As the increase hits again, it will hit a lot of small-business owners, said Calvin Hedman, founder and president of Hedman Partners.

“That will mean less spending,” he said. “There will be less cash available to hire people or expand their business. Business owners will have to recover first before they can focus on growing the business.”

All the focus is on the wealthy and big wage earners, Hedman said. “But, it’s the small-business owner out there that gets hit with all these changes that Congress makes.

“If you really want the economy to take off, get that engine going,” he said. “Don’t cut off the supply of gas to it.”

Also worrisome are looming defense cuts. Sixty-five percent of the small-business owners are concerned, according to the poll.

Defense

Some $500 billion in defense cuts could occur over the next 10 years.

But, it’s not just the cuts themselves that cause worry, said Joe Klocko, formerly with Woodward HRT of Valencia and now director of the Center for Applied Competitive Technologies at College of the Canyons.

The proposed cuts would average about $50 billion per year, which is not as consequential as allowing what is spent, to be spent in the wisest way possible, he said.

Congress authorizes the money or orders the cuts, but doesn’t authorize flexibility with how the money is spent, Klocko said. They should leave that to the experts; the joint chiefs of staff for defense should be able to say how best to “accommodate the budget.”

There’s a difference between making straight 10 percent cuts across the board versus making smart cuts, he said.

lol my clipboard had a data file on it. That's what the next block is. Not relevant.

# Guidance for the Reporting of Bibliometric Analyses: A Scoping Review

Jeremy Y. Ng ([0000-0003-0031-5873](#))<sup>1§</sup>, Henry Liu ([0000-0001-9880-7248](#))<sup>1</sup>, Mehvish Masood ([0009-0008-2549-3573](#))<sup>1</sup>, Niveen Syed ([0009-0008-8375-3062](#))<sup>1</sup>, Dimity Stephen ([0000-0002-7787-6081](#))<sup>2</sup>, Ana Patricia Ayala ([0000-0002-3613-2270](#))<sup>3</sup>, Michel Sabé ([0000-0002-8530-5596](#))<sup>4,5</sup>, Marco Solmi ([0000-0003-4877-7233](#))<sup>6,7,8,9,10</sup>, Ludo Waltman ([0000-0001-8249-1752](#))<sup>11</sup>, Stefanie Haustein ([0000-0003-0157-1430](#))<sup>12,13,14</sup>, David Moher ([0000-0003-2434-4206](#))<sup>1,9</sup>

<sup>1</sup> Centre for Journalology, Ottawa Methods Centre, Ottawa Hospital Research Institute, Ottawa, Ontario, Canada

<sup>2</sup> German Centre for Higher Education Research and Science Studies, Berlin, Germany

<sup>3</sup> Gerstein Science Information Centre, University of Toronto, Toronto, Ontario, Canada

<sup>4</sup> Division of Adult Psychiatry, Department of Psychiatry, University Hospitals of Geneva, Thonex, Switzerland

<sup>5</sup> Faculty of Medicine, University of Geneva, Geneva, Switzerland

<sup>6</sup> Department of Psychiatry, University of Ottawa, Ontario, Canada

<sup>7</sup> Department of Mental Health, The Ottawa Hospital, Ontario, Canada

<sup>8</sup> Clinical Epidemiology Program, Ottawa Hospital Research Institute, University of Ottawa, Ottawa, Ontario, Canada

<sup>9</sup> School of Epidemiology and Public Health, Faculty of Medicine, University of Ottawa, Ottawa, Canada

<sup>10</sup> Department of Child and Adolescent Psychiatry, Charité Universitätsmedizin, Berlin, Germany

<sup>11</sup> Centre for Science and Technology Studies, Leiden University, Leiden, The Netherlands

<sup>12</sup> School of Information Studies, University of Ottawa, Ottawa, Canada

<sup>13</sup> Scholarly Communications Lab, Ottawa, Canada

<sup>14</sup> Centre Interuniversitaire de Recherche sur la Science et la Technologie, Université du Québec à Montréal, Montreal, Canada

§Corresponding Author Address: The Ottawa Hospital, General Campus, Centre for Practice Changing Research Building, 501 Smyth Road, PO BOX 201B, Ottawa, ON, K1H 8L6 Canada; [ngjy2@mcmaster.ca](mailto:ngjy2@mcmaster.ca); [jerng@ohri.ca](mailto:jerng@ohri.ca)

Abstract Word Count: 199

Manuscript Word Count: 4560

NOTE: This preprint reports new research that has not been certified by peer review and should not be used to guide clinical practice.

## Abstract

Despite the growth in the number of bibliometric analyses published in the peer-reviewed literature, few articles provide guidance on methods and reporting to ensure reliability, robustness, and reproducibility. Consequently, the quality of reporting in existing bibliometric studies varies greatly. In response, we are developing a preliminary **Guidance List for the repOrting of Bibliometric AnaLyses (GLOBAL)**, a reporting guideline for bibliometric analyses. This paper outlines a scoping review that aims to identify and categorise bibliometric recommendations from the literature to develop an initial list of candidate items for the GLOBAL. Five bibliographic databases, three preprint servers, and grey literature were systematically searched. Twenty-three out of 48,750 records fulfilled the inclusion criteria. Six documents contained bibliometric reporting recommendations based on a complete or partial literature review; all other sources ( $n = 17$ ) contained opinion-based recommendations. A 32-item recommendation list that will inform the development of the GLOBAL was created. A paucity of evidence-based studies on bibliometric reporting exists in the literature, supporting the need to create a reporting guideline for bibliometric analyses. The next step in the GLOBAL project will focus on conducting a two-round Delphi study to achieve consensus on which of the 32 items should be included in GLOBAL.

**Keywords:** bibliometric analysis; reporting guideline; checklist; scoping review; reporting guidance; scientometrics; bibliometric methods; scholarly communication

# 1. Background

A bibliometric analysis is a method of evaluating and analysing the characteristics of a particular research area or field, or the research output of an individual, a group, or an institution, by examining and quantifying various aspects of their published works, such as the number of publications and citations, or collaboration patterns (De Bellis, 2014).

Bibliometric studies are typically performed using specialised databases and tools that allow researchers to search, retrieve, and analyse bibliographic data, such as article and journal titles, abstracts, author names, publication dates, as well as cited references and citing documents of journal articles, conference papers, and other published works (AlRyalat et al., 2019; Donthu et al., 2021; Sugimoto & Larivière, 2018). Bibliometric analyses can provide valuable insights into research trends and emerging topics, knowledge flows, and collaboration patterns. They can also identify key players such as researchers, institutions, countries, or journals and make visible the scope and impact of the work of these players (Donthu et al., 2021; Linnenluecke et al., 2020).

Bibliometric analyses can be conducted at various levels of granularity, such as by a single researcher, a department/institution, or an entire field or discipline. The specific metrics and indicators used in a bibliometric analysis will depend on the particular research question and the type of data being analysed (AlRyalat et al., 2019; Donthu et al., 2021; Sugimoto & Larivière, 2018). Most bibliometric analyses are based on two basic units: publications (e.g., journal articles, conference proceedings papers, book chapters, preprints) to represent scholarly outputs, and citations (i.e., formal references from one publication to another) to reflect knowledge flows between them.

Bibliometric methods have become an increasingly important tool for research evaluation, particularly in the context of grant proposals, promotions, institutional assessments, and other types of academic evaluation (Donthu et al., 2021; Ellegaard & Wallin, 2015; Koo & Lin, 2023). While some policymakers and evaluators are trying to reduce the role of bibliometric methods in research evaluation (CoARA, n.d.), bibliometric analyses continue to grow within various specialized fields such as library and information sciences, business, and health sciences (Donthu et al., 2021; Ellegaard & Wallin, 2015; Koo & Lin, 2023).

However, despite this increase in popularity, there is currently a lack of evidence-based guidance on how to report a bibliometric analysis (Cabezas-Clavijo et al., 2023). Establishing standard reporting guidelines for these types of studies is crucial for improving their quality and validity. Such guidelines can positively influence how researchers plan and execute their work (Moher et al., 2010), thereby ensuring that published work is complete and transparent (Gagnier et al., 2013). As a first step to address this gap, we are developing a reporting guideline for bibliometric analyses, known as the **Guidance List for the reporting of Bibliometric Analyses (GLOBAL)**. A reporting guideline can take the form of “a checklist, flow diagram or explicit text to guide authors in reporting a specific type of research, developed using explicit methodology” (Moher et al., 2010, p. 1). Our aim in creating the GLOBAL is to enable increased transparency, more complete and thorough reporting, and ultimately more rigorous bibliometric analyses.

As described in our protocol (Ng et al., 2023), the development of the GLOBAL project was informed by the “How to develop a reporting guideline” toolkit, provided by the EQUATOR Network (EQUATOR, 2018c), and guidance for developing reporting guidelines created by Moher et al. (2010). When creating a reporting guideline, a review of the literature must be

Dan Stohr with Aerospace Industries Association, the defense industry’s largest trade group, said cuts need to be made but that they need to be made “strategically and thoughtfully.” The automatic cuts planned under sequestration are neither, he said.

And business owners are concerned about capital investments.

Capital spending

More than three-quarters of small-business owners support permanently allowing small businesses to expense qualified capital investments up to $1 million. More than eight in 10 are anxious about the cuts that would reduce the amount of qualified capital investments small businesses can expense to $25,000.

“Congress should look to encourage capital spending,” Hedman said. “Getting a tax deduction for buying a machine can influence business owners to make that expenditure and it has a domino effect. A business that buys equipment can hire more people.”

Growing businesses also need a trained workforce to kick-start their plans for 2013.

Technical training

Cuts to state grants for job-specific technical training worry 86 percent of the small-business owners. Money for technical training is always at risk when money is tight, Klocko said. But training provides skilled workers for companies who want to hire.

“Spending cuts for education hurt the economy.” Powell said. “And it would hurt the businesses generating income through the local college. College of the Canyons is a big component of this valley.”

The ‘known’

At the end of the day, it’s difficult for business owners to plan, hire, buy machines or decide whether to expand when there is uncertainty, Hedman said.

Hedman’s advice is for political leaders to just make a decision and keep it. Don’t tweak the decisions every year. Set a clear path and let business owners know the rules so they can operate smoothly and in a forward motion.

“Uncertainty causes paralysis for business,” he said.

jadkins@the-signal.com

661-287-5599